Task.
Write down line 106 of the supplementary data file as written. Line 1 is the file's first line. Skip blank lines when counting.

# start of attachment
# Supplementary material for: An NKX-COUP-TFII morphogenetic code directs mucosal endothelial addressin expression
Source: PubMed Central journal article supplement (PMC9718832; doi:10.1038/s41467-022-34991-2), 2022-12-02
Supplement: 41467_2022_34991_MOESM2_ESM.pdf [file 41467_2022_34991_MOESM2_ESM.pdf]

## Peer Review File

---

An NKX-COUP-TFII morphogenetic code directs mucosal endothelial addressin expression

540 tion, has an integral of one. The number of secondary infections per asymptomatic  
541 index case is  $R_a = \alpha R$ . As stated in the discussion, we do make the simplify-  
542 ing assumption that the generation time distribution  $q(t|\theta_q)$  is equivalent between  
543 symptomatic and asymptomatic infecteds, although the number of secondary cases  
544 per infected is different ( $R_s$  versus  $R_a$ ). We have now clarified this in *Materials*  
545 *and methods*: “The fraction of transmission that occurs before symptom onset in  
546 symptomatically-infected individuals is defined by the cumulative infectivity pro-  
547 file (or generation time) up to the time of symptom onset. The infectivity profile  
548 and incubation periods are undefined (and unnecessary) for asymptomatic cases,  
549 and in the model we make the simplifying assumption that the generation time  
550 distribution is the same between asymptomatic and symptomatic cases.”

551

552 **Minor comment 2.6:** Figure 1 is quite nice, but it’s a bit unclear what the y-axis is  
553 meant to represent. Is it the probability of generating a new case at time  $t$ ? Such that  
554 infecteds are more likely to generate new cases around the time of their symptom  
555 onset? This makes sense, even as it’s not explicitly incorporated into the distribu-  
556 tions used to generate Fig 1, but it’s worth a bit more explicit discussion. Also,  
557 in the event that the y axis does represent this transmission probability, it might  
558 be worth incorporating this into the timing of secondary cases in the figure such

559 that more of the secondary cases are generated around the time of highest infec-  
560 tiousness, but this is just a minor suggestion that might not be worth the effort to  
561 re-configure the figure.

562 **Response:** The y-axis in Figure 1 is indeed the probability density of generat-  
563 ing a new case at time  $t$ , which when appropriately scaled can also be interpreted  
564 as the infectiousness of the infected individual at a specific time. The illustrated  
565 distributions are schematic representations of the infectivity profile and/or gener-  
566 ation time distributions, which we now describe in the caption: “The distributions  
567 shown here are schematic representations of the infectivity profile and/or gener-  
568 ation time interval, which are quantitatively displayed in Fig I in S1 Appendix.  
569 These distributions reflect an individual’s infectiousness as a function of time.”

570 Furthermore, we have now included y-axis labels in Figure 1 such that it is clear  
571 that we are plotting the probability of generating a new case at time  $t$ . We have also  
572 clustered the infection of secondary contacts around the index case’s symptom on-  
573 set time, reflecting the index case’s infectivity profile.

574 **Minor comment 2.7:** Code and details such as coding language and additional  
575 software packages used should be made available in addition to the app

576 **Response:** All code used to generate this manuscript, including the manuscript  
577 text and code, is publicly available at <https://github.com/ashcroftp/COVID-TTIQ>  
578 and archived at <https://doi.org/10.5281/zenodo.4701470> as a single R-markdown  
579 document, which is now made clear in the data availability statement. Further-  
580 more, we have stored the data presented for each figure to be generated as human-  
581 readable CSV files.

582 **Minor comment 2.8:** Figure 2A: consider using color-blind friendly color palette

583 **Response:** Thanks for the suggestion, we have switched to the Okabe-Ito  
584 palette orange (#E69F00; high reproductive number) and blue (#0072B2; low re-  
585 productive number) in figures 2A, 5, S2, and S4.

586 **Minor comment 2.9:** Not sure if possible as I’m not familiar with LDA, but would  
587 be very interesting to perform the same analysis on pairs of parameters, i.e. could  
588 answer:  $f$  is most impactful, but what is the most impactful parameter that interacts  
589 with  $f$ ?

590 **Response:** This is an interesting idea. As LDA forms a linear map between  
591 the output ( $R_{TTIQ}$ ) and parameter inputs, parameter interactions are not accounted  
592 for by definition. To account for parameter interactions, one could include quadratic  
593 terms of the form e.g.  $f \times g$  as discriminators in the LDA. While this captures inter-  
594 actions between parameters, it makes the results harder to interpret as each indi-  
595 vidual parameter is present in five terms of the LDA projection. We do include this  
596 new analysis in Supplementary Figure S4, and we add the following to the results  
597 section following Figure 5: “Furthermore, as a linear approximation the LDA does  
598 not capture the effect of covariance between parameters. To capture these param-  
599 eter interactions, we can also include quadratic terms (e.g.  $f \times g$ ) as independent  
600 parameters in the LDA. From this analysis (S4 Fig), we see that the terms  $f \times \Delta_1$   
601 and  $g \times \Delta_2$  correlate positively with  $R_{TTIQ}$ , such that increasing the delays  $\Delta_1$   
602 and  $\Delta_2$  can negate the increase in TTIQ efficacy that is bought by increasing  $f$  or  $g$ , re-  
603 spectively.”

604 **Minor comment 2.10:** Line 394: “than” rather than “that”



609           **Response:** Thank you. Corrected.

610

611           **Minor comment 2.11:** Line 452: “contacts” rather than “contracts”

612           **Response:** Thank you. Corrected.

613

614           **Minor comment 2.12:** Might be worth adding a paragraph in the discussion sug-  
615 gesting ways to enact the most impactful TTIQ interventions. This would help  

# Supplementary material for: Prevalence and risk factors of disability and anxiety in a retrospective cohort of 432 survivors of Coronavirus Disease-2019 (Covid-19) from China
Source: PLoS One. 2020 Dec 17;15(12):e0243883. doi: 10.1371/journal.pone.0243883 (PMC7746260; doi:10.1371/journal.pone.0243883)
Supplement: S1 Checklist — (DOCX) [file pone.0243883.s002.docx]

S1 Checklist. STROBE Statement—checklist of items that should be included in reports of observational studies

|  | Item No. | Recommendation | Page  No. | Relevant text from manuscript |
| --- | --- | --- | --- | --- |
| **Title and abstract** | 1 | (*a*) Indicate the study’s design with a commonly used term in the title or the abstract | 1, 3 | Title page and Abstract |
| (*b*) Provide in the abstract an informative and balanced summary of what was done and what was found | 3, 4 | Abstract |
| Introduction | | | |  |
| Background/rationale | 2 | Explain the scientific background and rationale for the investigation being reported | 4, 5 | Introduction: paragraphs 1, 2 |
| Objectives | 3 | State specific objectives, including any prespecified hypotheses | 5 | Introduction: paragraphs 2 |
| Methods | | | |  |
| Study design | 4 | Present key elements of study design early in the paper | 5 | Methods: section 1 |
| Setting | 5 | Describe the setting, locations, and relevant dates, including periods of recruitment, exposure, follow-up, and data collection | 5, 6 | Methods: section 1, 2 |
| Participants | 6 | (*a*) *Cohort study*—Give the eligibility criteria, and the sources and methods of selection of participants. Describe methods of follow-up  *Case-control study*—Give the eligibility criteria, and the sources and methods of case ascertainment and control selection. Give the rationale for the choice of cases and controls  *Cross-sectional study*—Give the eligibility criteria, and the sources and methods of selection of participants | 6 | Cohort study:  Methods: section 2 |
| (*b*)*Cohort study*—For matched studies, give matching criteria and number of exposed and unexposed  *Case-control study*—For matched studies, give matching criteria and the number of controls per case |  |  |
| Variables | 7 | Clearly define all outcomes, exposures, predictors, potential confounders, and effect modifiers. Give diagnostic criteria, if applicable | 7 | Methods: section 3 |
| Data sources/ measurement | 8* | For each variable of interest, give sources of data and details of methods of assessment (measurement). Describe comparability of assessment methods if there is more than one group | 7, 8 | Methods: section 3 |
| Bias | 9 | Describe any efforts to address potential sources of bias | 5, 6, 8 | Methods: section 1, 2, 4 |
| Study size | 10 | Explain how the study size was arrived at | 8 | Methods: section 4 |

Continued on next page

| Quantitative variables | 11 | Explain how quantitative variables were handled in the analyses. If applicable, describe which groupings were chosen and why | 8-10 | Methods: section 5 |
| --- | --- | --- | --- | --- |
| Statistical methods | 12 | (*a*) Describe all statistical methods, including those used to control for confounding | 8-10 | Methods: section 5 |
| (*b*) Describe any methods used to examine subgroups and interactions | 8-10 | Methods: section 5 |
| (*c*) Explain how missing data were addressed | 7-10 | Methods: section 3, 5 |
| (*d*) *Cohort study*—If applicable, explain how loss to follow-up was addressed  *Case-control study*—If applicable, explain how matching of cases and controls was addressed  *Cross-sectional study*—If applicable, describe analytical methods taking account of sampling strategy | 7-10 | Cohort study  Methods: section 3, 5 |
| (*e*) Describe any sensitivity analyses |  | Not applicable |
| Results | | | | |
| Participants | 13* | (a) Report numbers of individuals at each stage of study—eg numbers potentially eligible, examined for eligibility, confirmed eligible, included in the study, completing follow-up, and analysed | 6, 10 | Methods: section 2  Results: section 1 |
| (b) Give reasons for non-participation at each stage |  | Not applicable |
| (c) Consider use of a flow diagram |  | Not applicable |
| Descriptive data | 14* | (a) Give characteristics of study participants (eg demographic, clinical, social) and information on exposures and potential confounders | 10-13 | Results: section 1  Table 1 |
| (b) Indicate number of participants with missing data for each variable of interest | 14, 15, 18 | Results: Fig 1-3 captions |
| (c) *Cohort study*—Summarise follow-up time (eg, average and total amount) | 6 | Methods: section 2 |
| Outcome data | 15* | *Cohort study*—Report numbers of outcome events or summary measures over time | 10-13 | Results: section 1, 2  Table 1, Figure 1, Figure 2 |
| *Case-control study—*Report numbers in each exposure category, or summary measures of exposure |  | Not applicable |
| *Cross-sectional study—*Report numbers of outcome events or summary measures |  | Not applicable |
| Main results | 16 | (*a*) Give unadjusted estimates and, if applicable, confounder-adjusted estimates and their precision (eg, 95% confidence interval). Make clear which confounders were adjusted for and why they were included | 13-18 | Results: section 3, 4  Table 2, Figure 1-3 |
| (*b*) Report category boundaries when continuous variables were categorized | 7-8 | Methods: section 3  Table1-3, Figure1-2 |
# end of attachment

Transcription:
| (*e*) Describe any sensitivity analyses |  | Not applicable |